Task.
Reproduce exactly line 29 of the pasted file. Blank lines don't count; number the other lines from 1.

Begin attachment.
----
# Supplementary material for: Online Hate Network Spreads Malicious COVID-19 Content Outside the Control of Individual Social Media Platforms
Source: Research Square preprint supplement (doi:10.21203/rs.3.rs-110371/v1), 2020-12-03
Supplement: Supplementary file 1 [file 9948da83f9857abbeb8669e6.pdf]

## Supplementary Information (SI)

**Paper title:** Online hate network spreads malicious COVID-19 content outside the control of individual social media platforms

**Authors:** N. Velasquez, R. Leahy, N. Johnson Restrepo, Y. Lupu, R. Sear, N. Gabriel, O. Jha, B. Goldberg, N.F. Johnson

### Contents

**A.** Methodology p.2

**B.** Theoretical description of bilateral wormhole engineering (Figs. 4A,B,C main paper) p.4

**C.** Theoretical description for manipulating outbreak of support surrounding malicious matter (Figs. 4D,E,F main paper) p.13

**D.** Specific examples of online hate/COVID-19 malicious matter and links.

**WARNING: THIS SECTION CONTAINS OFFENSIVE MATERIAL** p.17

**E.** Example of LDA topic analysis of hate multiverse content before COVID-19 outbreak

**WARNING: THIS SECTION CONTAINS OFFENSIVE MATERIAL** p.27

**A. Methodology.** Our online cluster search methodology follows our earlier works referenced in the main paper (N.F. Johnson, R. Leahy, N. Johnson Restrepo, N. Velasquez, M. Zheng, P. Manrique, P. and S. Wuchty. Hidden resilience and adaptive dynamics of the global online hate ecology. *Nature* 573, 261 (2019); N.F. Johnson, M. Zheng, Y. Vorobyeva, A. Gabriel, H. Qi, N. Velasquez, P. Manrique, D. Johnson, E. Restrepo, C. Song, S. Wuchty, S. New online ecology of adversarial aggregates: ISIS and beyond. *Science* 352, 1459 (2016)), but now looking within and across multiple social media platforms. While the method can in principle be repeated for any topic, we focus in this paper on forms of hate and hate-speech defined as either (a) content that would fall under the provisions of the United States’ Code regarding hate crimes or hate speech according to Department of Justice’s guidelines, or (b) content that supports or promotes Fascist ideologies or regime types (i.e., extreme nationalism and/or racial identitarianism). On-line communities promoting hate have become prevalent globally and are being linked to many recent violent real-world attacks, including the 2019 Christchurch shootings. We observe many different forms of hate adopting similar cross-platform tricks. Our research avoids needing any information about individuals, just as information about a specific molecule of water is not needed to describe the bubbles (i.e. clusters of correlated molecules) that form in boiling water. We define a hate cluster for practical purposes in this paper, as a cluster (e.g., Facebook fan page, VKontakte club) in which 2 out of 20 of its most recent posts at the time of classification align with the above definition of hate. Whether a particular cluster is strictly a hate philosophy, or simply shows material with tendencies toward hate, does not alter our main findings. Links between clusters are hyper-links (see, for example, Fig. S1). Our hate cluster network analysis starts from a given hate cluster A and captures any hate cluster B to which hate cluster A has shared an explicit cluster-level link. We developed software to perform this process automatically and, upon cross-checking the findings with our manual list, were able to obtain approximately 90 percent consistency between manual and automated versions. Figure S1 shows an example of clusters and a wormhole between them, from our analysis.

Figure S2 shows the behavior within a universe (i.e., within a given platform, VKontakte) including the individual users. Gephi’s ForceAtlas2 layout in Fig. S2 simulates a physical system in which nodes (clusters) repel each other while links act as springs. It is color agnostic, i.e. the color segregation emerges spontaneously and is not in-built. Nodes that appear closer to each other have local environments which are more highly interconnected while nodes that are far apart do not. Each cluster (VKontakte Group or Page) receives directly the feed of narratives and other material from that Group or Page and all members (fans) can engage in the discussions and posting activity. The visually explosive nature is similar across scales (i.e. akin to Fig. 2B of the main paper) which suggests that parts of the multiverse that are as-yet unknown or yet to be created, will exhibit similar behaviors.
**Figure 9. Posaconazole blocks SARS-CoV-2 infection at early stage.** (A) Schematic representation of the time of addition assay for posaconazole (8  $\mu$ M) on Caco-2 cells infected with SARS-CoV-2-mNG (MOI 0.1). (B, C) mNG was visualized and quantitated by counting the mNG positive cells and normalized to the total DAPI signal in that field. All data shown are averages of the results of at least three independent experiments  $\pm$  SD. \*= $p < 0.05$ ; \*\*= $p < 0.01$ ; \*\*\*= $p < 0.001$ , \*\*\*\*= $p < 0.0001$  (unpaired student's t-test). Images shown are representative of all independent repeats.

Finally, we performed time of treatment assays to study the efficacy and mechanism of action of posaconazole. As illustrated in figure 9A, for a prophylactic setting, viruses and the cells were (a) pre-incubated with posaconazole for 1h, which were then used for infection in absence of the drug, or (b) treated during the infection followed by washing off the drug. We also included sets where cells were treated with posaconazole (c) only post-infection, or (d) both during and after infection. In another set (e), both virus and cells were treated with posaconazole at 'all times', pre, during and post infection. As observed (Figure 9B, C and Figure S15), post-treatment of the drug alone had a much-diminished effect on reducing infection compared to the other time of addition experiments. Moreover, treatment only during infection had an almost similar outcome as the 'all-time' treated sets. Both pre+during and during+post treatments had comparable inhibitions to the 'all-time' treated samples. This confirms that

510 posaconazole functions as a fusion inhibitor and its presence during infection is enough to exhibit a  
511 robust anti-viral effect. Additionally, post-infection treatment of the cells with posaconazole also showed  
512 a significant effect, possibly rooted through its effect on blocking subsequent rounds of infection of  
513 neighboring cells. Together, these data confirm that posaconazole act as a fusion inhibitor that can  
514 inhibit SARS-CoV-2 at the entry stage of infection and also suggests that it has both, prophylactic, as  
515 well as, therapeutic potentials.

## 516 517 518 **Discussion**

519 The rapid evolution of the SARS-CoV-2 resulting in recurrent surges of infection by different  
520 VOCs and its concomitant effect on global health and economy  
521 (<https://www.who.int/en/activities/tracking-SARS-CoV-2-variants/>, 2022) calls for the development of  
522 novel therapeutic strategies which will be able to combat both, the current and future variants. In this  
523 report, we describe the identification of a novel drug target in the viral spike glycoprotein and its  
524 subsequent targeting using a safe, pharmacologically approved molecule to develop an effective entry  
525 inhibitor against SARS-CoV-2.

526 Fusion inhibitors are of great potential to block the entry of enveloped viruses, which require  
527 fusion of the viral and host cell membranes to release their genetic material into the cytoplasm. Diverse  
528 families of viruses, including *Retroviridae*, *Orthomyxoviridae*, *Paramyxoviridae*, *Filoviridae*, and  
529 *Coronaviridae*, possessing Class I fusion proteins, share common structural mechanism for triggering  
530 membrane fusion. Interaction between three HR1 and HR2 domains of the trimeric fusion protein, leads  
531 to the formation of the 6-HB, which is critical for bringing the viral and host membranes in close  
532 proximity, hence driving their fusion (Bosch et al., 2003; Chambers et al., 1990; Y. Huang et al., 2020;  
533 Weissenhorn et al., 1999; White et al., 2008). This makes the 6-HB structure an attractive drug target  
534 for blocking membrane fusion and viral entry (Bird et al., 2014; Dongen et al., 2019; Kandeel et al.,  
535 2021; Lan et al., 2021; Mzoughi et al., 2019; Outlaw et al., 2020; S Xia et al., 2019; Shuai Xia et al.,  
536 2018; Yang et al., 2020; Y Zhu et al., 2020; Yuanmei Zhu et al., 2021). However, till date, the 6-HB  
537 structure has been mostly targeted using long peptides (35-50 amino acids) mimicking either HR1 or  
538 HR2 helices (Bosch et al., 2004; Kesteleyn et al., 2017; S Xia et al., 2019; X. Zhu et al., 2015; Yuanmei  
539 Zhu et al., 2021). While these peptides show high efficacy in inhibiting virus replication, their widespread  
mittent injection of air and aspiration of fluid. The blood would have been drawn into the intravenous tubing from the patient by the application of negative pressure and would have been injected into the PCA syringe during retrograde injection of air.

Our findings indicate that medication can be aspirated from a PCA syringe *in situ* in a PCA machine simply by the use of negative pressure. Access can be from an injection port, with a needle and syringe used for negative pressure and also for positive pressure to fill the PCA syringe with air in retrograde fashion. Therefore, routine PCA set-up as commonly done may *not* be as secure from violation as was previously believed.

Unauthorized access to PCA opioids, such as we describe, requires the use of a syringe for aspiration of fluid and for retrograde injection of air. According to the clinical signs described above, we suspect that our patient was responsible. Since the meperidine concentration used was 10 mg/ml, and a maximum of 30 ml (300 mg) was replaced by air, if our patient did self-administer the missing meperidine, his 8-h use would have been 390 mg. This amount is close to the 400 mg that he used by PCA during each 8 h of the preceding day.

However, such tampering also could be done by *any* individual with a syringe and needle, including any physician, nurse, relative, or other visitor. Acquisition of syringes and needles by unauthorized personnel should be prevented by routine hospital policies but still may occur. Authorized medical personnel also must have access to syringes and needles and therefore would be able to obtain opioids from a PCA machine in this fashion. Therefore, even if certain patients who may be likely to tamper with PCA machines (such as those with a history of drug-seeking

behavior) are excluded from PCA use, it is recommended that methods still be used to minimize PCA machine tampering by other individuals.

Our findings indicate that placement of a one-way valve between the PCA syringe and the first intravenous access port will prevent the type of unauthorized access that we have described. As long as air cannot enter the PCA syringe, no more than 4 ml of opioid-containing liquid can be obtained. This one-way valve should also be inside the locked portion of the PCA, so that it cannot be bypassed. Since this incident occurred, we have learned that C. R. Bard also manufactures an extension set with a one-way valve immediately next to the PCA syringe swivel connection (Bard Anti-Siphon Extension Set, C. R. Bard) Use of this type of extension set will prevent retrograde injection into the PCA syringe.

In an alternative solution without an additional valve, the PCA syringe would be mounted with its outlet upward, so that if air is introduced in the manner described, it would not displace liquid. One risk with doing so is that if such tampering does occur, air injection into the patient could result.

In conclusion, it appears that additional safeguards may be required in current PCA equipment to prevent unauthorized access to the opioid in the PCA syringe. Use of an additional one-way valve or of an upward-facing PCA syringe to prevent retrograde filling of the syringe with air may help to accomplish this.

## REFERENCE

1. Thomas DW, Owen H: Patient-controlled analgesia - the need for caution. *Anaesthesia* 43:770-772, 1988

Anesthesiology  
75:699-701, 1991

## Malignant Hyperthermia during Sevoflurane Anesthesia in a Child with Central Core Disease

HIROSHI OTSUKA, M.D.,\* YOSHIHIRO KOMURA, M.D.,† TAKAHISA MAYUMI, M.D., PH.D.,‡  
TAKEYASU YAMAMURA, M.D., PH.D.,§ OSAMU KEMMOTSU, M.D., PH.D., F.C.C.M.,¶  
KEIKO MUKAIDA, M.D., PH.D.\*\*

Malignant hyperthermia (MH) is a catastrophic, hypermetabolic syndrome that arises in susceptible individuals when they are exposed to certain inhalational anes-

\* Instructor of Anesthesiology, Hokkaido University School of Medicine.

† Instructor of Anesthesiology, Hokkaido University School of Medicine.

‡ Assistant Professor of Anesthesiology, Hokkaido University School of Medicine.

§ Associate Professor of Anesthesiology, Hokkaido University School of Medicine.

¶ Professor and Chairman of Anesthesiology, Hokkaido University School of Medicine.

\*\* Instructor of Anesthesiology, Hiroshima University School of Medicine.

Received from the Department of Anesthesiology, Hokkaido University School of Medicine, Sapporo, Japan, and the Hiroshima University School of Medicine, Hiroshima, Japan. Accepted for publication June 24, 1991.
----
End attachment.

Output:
522 novel therapeutic strategies which will be able to combat both, the current and future variants. In this  